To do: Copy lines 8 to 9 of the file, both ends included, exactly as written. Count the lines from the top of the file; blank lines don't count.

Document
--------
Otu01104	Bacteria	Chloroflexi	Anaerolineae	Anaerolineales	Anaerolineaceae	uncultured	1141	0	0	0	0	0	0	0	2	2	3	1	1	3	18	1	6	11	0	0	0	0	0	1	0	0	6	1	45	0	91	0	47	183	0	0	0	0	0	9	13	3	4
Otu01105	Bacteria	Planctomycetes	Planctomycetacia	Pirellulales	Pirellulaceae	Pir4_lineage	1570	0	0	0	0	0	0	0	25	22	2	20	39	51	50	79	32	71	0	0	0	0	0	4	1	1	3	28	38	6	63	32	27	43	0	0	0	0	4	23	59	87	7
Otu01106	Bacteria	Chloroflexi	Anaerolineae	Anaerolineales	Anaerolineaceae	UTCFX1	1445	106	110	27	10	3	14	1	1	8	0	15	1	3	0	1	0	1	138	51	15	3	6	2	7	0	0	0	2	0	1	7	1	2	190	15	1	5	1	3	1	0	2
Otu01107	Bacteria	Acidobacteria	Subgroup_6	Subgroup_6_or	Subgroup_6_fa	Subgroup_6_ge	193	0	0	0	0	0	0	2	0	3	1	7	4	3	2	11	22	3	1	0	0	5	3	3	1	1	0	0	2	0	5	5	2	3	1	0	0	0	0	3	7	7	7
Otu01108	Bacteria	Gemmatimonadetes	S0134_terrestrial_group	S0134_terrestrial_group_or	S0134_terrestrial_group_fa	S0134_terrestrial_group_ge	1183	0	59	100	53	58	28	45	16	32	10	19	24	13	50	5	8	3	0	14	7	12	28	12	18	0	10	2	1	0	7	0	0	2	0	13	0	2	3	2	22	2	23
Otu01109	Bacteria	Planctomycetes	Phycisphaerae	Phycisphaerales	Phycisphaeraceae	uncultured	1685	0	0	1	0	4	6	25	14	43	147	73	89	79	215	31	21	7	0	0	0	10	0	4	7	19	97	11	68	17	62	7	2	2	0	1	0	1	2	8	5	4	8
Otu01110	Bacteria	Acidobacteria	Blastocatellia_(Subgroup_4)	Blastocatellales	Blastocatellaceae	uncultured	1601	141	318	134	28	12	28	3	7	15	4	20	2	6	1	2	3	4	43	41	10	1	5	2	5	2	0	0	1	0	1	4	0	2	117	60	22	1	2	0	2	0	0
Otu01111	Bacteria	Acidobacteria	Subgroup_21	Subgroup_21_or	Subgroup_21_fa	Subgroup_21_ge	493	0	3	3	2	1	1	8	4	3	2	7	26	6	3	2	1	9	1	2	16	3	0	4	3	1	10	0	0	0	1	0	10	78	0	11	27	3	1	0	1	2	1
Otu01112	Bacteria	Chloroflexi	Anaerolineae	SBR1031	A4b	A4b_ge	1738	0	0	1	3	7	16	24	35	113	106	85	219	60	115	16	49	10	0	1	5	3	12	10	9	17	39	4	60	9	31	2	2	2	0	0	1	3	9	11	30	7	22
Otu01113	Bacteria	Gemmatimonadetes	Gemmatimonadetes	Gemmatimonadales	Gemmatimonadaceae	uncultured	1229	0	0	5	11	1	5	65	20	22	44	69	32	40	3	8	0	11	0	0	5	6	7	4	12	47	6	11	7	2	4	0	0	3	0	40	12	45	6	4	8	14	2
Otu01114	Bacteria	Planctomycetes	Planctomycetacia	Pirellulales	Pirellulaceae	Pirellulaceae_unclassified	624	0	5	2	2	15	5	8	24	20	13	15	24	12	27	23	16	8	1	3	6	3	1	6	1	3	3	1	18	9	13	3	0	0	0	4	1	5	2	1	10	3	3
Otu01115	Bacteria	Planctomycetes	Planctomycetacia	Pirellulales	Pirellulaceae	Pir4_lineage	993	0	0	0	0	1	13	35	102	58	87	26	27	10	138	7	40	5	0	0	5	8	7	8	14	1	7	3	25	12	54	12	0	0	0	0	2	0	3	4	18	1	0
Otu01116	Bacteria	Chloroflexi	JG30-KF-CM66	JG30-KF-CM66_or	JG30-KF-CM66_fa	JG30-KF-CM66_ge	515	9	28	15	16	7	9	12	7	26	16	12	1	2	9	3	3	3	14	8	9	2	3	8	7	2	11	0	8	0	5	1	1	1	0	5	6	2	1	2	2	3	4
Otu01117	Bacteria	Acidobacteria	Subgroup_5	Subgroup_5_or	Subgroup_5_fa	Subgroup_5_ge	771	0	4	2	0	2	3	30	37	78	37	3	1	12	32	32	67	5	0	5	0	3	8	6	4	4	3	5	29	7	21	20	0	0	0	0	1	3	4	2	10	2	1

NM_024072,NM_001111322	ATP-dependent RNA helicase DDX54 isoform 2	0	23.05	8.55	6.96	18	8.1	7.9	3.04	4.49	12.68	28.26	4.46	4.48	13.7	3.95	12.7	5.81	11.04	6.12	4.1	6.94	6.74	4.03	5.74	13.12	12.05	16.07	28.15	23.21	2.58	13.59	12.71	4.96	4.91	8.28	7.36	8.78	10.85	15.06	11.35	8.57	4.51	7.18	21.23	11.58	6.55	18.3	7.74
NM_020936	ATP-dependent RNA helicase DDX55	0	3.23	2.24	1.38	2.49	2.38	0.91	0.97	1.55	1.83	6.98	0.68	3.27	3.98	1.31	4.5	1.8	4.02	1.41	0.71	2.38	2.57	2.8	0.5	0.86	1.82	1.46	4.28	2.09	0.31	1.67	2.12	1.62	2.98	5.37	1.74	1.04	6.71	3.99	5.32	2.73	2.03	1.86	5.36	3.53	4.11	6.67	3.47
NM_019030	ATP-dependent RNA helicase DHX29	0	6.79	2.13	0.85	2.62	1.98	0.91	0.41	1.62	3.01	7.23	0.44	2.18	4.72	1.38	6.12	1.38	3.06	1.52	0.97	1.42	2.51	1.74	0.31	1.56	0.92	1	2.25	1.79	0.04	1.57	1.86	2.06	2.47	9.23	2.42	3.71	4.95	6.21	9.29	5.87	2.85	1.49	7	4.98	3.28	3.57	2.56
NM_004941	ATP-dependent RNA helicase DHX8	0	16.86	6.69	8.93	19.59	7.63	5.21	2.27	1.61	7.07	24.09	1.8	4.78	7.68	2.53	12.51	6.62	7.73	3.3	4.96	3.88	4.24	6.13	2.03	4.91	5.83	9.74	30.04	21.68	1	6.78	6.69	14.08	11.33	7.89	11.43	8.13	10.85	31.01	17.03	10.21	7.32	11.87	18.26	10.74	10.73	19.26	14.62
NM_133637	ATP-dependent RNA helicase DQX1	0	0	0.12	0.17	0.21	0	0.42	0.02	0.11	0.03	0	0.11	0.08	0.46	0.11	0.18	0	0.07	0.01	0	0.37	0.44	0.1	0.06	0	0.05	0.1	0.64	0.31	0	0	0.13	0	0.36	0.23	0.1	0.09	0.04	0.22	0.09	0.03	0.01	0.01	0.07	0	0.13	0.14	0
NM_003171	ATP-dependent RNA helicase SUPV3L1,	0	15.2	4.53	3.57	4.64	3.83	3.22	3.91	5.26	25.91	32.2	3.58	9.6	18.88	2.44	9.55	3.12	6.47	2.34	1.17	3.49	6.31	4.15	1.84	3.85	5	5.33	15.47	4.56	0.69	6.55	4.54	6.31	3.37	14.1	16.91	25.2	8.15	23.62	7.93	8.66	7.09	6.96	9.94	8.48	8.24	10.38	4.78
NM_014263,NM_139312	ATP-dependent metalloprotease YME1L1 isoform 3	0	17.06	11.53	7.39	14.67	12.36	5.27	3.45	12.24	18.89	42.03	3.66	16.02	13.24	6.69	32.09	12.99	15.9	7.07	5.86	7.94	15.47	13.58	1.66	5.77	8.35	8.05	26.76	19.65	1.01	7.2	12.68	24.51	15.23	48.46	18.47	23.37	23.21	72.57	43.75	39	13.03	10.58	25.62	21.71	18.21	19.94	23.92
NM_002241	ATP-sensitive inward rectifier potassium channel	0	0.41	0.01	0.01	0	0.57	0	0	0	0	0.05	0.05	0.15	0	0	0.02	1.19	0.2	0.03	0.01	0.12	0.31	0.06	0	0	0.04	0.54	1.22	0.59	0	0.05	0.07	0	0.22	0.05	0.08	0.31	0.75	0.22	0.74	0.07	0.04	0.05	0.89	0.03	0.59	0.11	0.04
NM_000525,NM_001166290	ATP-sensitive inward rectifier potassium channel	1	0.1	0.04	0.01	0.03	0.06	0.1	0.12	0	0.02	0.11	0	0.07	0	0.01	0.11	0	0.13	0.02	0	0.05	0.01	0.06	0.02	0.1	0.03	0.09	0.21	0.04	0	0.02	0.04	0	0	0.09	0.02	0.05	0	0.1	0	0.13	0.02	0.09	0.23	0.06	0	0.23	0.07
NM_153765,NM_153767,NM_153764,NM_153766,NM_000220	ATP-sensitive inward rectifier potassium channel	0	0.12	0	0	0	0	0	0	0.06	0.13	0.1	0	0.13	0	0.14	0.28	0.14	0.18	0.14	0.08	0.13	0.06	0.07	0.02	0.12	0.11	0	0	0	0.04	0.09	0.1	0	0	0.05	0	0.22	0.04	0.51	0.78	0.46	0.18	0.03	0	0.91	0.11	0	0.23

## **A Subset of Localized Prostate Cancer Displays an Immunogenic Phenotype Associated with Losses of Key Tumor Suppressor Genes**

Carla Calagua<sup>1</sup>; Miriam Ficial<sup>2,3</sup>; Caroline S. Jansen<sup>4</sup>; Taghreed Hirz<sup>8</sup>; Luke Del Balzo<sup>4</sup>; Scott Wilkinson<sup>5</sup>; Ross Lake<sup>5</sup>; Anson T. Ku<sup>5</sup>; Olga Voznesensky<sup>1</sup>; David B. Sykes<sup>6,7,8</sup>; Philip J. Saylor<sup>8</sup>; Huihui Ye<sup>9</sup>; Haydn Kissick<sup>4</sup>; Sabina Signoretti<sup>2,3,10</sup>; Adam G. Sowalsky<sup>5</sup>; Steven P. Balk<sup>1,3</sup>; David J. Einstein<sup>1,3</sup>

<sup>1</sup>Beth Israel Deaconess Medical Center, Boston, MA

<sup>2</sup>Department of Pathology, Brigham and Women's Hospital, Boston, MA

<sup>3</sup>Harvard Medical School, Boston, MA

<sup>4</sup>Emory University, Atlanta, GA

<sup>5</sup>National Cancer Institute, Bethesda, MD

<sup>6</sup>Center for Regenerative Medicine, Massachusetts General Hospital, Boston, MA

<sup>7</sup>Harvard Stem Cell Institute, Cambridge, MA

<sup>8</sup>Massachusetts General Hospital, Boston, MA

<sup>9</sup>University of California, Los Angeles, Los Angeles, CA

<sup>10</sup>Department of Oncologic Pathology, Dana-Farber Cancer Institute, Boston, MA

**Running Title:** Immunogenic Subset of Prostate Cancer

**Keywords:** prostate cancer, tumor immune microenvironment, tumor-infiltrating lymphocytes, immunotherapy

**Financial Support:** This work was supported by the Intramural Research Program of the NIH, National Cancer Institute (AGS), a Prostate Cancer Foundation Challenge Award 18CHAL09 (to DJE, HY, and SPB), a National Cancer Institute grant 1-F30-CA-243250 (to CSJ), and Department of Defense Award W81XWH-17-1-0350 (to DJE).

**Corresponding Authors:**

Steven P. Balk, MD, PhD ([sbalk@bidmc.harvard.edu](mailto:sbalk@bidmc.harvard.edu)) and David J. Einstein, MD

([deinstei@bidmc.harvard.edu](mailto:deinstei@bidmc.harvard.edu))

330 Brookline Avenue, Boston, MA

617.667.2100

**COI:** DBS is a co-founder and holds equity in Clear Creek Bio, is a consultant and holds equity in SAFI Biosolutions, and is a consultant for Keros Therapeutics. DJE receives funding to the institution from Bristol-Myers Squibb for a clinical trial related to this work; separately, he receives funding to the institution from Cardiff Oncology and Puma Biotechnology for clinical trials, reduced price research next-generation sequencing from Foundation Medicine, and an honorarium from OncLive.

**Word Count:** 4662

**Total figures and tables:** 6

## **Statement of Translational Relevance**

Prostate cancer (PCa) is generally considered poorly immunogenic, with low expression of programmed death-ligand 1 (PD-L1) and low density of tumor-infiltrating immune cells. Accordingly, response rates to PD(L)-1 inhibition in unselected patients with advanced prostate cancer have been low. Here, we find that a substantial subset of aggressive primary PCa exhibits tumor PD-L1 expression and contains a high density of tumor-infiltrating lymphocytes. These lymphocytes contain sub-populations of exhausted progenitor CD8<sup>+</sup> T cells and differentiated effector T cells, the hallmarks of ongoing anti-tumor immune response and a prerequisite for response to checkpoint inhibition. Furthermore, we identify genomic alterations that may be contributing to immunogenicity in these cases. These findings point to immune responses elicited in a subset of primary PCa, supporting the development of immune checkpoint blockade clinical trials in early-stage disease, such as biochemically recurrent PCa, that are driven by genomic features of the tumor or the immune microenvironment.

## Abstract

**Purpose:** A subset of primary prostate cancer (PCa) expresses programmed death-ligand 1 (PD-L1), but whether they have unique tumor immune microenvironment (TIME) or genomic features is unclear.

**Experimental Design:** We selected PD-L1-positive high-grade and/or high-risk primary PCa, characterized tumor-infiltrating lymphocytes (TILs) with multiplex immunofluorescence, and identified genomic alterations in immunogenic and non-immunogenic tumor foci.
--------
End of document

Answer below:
Otu01111	Bacteria	Acidobacteria	Subgroup_21	Subgroup_21_or	Subgroup_21_fa	Subgroup_21_ge	493	0	3	3	2	1	1	8	4	3	2	7	26	6	3	2	1	9	1	2	16	3	0	4	3	1	10	0	0	0	1	0	10	78	0	11	27	3	1	0	1	2	1
Otu01112	Bacteria	Chloroflexi	Anaerolineae	SBR1031	A4b	A4b_ge	1738	0	0	1	3	7	16	24	35	113	106	85	219	60	115	16	49	10	0	1	5	3	12	10	9	17	39	4	60	9	31	2	2	2	0	0	1	3	9	11	30	7	22